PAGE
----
Nevertheless the air crews displayed a dash and gallantry as in no previous operation. Never before in the history of flying had men set out with such disdain of death and such firm resolution as for the supply airlift to Stalingrad.
Some 550 aircraft were totally lost.
That means that one-third of the aircraft employed were lost together with their crewsthe victims of bad weather, fighters, and flak. One machine in every three was losta terrifying rate which no air power in the world could have kept up.
Only on two occasions was the minimum cargo of 300 tons deliveredor very nearly so. On 7th December, according to the diary of the Chief Quartermaster of Sixth Army, 188 aircraft landed at the airfield of Pitomnik and delivered 282 tons.
On 20th December the figure was 291 tons. According to Major-General Herhudt von Rohden's excellent essay, based on the records of the Luftwaffe, the peak day of the airlift was 19th December, when 154 aircraft delivered 289 tons of supplies to Pitomnik and evacuated 1000 wounded.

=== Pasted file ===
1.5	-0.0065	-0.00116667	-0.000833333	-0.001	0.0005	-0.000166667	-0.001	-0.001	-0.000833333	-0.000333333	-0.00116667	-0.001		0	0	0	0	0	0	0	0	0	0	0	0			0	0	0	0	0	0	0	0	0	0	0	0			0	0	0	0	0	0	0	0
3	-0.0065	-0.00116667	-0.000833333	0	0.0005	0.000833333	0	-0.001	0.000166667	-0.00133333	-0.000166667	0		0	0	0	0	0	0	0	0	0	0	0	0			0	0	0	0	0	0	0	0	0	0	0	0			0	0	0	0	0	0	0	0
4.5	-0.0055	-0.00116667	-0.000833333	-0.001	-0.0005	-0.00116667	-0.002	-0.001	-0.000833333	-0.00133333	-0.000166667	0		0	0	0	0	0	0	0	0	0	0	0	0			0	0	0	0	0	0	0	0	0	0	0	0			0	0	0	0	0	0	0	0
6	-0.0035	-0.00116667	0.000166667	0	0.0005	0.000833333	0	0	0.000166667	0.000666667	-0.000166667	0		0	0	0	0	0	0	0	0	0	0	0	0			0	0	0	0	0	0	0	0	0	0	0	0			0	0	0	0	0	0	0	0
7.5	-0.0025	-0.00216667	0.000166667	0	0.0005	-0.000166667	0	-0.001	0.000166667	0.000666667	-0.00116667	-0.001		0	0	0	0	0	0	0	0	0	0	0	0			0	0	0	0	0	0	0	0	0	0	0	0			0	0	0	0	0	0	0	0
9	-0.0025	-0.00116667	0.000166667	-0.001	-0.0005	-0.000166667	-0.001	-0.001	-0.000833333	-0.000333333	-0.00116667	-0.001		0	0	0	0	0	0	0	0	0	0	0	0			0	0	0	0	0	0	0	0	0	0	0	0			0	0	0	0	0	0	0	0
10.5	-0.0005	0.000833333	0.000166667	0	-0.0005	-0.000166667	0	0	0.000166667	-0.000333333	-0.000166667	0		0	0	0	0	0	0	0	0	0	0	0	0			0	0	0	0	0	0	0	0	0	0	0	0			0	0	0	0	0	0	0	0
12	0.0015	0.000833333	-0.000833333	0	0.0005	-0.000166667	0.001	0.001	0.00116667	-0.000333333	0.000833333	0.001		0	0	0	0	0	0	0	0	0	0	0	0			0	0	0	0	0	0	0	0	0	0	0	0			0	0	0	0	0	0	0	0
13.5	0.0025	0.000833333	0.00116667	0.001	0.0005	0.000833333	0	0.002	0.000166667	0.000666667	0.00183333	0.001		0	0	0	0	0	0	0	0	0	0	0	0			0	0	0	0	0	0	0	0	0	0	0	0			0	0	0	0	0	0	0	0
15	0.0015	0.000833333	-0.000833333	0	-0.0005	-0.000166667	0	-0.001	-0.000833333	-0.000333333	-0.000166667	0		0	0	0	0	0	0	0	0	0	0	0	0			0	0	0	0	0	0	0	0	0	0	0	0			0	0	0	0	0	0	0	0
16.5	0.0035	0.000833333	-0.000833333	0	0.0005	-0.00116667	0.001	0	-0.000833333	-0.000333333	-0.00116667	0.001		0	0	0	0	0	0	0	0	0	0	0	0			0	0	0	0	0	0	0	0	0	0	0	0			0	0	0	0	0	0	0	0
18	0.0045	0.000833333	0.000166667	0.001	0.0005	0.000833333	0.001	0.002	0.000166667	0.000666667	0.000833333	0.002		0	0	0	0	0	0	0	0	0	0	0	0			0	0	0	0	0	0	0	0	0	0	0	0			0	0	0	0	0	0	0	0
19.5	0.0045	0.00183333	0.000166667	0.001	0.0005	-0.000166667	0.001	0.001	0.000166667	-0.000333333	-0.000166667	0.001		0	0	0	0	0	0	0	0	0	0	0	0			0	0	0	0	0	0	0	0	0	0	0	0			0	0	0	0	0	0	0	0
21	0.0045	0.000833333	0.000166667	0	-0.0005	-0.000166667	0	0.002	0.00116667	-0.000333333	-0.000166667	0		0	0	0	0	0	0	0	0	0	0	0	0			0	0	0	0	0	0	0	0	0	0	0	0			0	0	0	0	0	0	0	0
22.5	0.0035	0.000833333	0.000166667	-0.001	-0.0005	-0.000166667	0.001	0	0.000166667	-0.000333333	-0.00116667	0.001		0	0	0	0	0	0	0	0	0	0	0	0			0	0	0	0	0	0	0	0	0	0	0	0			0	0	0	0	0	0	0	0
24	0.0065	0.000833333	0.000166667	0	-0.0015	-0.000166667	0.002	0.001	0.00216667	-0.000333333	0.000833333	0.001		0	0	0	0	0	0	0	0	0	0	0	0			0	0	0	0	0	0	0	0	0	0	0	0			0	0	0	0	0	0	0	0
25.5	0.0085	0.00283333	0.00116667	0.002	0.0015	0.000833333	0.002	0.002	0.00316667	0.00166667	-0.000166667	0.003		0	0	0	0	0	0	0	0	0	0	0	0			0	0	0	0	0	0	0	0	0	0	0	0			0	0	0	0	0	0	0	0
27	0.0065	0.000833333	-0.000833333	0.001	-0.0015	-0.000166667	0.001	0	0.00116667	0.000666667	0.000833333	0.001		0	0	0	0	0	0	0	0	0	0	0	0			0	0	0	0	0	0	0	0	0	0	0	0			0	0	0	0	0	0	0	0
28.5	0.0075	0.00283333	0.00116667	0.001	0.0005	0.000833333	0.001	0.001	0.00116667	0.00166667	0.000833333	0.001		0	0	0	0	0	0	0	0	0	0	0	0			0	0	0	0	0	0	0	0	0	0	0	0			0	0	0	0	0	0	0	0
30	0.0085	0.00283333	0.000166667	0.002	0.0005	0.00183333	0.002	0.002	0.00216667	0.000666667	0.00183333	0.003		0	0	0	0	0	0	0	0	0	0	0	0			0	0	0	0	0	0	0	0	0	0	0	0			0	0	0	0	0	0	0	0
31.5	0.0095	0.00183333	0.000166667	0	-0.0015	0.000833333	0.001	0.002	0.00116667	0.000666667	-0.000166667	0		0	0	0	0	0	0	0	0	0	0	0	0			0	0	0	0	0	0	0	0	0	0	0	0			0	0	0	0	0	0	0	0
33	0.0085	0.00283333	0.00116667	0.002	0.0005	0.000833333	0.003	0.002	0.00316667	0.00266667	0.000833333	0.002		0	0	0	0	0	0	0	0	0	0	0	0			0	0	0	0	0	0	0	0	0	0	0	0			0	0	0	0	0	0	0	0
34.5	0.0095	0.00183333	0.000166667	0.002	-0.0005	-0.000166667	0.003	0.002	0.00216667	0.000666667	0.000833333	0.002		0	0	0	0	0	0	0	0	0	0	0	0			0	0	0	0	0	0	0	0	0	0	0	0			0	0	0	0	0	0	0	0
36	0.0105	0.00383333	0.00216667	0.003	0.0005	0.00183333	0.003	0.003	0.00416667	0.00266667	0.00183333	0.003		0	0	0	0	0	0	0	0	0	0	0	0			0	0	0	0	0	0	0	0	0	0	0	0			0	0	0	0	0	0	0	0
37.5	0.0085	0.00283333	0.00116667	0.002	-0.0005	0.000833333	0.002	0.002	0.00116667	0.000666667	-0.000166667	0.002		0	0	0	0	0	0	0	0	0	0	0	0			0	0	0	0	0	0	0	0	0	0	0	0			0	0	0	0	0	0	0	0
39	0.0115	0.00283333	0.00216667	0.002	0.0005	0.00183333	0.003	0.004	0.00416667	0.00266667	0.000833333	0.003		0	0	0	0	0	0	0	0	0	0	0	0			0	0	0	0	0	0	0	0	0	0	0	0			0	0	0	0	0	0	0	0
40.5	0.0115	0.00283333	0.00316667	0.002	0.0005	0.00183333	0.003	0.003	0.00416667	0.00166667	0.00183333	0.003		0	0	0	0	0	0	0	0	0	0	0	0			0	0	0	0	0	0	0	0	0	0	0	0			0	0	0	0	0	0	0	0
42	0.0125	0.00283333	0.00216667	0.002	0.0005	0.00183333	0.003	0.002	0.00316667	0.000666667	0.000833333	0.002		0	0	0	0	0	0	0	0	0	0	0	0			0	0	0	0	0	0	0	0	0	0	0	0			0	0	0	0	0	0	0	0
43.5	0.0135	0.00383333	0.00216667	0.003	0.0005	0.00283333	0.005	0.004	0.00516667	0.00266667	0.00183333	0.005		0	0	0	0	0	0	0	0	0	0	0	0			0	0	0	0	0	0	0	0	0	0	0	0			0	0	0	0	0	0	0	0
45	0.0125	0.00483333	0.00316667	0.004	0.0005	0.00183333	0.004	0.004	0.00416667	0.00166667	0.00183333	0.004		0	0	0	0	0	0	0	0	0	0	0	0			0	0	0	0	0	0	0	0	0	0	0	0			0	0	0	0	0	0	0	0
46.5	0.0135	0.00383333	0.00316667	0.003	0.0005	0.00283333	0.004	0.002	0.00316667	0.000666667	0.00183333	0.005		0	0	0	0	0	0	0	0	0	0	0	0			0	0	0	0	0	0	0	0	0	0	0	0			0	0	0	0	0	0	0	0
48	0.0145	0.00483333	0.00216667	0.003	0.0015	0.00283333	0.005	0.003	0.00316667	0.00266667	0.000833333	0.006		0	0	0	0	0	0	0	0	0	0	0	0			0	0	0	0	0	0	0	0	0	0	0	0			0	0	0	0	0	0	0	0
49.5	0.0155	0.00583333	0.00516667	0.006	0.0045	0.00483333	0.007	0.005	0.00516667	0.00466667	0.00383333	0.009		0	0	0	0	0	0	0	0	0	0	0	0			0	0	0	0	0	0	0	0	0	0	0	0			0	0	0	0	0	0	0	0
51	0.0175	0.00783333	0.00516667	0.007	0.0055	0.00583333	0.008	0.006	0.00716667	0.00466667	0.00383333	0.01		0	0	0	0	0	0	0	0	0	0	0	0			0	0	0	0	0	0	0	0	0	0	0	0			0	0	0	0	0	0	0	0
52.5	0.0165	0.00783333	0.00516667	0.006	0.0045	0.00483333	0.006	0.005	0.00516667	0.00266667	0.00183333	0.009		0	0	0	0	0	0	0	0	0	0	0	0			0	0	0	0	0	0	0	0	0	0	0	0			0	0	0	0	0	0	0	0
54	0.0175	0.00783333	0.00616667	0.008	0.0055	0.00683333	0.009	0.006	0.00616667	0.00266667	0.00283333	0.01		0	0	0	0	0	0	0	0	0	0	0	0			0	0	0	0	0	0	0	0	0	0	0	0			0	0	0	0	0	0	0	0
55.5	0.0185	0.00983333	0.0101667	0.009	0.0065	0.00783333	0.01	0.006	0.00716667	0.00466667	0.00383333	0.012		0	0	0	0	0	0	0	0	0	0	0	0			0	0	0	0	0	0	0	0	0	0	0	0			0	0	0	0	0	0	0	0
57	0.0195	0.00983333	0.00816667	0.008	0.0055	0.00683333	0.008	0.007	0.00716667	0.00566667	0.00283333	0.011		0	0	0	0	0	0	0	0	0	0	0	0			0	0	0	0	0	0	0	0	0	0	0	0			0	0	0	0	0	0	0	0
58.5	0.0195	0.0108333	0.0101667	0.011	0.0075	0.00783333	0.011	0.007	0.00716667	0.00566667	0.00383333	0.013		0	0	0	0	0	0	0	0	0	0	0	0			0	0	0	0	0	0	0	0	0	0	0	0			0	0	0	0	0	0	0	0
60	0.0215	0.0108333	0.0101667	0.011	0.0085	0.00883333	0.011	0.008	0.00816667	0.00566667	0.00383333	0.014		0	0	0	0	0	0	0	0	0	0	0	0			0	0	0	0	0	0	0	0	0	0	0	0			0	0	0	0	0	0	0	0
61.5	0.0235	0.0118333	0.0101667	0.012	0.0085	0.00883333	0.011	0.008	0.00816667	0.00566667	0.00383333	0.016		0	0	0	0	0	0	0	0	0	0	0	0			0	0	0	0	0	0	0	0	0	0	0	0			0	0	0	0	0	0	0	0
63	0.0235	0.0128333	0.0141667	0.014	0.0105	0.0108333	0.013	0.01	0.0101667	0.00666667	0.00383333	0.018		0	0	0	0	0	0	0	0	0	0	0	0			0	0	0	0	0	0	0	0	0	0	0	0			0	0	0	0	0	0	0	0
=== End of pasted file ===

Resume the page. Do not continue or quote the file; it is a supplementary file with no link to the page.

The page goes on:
On an average, however, the daily deliveries between 25th November and 11th January totaled 104-7 tons.
During that period a total of 24,910 wounded were evacuated. At this rate of supplies the men in the pocket had to go hungry and were seriously short of ammunition.
Nevertheless the divisions held out.
To this day the Soviets have not published any definite figures of German deserters. But according to all available German sources their number, until mid-January, must have been negligible.
Indeed, as soon as the news spread among the troops that Hoth's divisions had launched their relief attack a real fighting spirit spread among them.
There was hardly a trooper or an officer who was not firmly convinced that Manstein would get them out. And even the most battle-weary battalion felt strong enough to strike at the ring of encirclement to meet their liberators half-way. That such a plan existed was generally known inside the pocket. After all, units of two motorized divisions and one Panzer division were standing by on the southern front of the pocket, ready to strike in the direction of Hoth's divisions the moment these were close enough and the order for " Winter Storm " was given.